The Financial Times uses a combination of theoretical and empirical arguments to predict (suggest?) that the end of the so called QE2, the increase of supply of long term debt by the Federal Reserve, will result in a decline in asset prices. One theoretical mechanism that would predict such an effect is that the end of low US interest rates will lead to a stronger dollar which will discourage exports:
The flood of dollar liquidity that has been poured into the market by the Federal Reserve has encouraged the growth of the so-called carry trade, in which currency investors sell the low-yielding US currency to invest in alternatives with higher interest rates such as the Australian dollar.
Many Asian reserve managers feel that the Fed’s quantitative easing policy was a deliberate attempt to engineer the dollar lower, to the benefit of the US economy. Thus, the end of QE2 may prompt a reduction in their diversification away from the dollar.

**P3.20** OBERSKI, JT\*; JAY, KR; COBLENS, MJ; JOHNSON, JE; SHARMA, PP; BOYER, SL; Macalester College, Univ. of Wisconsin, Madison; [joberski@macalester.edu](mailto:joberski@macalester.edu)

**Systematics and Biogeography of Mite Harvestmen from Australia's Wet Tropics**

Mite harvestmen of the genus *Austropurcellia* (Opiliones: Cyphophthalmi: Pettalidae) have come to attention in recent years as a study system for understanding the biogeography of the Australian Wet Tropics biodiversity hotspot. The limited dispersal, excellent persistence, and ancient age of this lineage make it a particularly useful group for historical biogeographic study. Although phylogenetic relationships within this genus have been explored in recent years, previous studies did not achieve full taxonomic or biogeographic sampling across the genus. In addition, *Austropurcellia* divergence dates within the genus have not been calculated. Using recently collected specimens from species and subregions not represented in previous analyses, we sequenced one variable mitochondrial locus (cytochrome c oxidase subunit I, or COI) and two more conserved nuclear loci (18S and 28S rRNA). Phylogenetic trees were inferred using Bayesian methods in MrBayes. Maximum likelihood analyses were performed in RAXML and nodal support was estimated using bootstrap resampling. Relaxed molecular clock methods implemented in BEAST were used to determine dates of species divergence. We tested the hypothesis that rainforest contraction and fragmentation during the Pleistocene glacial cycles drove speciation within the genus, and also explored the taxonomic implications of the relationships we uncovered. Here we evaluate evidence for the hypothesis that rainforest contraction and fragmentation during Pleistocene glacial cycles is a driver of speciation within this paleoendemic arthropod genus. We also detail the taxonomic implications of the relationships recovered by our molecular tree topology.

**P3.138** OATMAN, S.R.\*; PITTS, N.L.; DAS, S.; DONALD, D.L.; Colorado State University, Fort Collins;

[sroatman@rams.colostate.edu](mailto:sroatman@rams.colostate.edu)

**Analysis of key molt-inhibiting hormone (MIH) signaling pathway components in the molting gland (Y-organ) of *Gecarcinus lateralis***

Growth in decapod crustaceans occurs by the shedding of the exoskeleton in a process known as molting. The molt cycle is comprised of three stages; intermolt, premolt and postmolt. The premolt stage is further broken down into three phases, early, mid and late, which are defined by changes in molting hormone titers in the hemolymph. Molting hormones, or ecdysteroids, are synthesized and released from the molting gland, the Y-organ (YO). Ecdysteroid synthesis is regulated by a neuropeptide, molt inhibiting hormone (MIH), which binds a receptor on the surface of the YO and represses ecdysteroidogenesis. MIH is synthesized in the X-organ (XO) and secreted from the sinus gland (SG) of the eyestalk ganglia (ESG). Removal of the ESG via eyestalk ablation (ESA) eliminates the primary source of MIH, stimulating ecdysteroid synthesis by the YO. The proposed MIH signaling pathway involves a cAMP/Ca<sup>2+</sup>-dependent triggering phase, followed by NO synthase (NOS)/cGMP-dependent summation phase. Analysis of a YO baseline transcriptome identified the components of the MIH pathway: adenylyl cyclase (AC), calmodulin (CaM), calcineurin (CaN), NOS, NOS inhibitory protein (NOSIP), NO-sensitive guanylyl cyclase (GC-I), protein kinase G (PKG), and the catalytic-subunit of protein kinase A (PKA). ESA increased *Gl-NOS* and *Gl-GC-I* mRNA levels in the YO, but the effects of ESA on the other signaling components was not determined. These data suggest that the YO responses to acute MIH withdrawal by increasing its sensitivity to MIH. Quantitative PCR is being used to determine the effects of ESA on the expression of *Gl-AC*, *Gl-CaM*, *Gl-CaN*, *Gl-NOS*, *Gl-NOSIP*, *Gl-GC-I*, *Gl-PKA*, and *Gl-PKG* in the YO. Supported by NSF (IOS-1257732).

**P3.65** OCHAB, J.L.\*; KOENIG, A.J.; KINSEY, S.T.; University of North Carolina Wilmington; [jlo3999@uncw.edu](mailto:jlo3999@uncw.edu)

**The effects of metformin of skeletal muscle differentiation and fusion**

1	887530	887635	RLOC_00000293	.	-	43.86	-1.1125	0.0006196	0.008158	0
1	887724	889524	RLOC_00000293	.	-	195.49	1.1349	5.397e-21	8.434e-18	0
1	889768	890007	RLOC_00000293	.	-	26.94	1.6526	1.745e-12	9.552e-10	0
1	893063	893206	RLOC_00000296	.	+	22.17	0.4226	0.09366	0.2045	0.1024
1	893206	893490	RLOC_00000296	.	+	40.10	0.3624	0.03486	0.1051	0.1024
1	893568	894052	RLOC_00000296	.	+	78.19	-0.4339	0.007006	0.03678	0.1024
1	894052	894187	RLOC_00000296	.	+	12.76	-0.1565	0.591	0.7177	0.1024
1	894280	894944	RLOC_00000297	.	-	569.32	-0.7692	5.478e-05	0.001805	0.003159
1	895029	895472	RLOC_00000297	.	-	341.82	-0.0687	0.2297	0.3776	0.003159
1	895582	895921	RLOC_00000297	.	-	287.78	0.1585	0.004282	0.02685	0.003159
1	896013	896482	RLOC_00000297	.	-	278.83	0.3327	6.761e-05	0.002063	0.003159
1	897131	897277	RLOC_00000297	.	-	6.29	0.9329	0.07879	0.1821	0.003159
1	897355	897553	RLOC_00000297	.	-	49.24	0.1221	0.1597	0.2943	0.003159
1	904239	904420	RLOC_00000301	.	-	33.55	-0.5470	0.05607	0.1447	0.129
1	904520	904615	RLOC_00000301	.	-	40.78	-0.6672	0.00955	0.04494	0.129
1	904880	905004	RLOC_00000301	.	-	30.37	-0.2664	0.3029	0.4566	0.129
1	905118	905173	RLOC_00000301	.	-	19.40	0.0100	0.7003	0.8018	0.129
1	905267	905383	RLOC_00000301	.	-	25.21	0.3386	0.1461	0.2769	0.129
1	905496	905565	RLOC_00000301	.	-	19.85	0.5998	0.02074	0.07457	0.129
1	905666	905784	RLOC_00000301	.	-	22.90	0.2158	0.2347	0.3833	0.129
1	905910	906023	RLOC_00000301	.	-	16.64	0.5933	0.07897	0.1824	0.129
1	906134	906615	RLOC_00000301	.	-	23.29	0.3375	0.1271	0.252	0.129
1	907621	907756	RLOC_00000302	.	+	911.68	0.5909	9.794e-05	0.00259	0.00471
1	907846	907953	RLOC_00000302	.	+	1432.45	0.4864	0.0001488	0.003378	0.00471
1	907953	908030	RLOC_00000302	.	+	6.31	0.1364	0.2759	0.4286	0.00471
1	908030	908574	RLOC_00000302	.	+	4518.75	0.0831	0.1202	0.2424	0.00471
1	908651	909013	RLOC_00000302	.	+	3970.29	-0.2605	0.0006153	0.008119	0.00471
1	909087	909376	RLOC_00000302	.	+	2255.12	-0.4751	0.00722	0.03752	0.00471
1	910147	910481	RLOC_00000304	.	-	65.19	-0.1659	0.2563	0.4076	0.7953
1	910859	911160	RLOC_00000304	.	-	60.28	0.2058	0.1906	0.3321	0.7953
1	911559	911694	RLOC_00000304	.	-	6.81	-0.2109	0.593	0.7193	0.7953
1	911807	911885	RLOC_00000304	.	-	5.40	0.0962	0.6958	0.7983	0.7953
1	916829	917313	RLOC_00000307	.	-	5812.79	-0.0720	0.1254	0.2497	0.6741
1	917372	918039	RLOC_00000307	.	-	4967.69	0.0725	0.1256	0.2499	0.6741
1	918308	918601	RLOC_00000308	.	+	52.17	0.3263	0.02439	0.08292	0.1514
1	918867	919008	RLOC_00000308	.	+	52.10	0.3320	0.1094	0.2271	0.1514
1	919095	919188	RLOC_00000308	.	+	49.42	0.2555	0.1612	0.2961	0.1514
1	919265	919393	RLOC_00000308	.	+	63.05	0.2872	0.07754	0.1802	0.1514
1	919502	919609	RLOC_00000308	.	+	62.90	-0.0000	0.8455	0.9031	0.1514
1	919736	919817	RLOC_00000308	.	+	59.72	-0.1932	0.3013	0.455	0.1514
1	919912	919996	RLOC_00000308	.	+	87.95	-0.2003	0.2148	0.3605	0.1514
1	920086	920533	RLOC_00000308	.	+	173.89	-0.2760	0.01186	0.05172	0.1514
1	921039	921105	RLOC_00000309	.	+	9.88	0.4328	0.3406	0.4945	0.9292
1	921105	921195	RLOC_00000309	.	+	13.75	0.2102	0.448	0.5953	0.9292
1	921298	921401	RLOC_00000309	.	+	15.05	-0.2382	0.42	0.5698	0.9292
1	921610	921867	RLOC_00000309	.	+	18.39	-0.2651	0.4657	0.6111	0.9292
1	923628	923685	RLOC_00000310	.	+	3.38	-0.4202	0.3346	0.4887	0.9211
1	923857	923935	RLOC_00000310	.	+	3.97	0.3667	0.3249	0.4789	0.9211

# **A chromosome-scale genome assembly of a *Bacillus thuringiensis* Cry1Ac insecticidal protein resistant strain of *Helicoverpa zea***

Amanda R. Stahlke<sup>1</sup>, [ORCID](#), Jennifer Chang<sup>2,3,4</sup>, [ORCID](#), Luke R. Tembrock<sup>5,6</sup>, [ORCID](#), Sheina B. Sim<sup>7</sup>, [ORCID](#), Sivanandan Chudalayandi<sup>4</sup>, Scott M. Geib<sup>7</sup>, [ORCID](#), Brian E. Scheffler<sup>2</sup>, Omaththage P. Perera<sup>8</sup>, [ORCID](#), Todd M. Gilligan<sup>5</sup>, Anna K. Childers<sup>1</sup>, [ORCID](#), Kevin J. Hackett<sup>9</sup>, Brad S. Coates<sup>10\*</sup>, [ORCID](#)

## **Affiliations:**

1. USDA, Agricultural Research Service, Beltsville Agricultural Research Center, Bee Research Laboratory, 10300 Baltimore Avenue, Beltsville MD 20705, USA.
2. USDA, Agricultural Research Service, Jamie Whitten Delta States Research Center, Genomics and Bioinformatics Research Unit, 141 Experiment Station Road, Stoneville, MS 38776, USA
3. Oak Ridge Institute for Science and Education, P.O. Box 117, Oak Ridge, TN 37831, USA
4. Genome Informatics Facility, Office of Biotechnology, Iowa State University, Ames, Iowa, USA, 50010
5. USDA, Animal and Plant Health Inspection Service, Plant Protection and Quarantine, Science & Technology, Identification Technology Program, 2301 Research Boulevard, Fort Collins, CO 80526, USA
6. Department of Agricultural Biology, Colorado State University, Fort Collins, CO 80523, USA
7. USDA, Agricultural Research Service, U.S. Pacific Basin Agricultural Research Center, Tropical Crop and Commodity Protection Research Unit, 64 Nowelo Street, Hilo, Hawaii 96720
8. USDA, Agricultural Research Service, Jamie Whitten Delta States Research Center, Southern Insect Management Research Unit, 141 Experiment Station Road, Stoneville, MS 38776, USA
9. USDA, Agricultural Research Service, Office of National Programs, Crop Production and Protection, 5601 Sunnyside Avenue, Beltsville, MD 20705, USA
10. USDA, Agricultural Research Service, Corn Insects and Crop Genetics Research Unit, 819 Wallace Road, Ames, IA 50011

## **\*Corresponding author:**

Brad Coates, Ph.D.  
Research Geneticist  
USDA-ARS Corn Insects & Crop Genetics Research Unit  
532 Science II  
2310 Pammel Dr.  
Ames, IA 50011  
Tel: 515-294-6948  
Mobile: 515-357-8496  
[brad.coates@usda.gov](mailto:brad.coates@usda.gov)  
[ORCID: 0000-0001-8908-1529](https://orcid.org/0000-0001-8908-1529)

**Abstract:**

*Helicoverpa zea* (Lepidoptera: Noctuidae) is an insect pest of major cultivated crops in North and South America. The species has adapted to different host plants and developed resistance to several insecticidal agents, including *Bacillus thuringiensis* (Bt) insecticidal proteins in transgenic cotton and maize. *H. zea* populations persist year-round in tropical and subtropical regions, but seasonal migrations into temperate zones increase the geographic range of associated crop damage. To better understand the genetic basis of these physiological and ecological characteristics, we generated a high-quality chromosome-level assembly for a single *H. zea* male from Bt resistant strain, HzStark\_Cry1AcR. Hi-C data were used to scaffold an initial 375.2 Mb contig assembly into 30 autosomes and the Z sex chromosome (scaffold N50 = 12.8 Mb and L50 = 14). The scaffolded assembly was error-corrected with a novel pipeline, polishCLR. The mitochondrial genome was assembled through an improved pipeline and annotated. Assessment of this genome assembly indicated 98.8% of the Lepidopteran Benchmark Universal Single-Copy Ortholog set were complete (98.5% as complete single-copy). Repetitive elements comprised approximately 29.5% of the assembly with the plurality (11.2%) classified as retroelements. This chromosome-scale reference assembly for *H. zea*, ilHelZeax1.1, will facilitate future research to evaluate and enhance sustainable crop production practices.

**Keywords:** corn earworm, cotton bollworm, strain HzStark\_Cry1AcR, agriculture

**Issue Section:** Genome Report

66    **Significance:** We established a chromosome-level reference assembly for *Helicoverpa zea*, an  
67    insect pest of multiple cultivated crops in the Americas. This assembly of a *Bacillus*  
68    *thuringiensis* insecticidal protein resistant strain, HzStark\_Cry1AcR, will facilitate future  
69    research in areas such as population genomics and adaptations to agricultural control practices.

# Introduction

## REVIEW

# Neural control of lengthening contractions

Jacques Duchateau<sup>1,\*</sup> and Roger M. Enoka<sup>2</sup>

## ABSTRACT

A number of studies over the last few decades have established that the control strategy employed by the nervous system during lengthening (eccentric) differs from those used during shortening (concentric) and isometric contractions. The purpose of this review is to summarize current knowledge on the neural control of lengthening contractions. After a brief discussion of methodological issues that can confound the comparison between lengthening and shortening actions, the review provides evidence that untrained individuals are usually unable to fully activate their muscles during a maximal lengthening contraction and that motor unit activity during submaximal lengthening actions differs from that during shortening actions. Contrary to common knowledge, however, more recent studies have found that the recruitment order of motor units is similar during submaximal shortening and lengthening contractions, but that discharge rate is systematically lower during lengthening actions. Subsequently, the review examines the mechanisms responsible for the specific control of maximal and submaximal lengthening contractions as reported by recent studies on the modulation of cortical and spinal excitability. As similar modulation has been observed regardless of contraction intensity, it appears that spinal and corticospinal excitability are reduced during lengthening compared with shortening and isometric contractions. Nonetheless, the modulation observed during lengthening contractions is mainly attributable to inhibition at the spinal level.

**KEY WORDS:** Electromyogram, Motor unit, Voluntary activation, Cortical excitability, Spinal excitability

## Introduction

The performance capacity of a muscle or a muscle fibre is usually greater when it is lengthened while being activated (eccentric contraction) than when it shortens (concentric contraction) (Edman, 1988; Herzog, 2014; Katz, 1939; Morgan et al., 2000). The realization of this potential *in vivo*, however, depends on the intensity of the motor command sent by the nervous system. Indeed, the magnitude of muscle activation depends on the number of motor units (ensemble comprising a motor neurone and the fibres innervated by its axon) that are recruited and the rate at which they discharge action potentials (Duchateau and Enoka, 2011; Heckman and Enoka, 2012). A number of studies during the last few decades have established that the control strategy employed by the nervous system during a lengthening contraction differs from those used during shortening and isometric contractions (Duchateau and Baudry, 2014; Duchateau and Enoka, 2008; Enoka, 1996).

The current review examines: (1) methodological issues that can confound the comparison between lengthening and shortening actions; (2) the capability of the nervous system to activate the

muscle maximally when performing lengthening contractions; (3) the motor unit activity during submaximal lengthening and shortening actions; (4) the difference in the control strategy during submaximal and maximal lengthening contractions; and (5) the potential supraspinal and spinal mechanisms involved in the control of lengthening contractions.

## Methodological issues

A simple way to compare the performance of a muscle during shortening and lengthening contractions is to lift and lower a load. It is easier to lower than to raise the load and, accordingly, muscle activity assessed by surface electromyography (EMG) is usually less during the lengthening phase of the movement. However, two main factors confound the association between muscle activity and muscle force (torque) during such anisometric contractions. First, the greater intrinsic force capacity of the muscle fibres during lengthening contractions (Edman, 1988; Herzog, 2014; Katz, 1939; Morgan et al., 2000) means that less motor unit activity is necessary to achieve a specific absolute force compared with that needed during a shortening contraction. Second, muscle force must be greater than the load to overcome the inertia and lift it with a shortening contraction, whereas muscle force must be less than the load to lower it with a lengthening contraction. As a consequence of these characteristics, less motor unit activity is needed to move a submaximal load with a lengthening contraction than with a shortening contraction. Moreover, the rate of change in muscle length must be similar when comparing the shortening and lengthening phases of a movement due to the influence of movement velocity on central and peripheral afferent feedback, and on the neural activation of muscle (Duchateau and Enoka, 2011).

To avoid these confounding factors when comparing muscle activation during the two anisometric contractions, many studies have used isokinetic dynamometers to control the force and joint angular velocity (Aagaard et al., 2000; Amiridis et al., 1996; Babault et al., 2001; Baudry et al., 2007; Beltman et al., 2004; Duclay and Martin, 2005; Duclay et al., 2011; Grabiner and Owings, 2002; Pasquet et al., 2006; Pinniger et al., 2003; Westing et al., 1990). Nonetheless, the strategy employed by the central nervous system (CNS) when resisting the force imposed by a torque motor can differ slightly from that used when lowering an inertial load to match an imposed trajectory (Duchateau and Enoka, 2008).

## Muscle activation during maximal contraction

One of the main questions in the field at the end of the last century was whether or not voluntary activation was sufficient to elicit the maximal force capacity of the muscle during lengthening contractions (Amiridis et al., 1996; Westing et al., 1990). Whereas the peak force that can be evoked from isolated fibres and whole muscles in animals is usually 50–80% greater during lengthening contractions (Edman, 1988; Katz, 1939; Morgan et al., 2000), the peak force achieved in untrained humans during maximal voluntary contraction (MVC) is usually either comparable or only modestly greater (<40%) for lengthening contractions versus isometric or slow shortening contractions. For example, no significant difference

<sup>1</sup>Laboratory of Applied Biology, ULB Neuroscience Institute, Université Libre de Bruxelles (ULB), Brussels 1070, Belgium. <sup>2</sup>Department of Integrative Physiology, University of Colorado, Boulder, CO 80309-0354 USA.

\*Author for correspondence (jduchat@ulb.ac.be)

The empirical story is illustrated by the picture below, and the following discussion:
“Asset price inflation really is a consequence of QE,” says Paul Marson of Lombard Odier, a Swiss private bank. A 90 per cent rebound in the S&P 500, the main US share index, since its low point in March 2009 has coincided with the Fed’s two QE programmes. Commodity prices, as shown by the Reuters Jefferies CRB index, are up 67 per cent over the same period, while the dollar has fallen 17 per cent.
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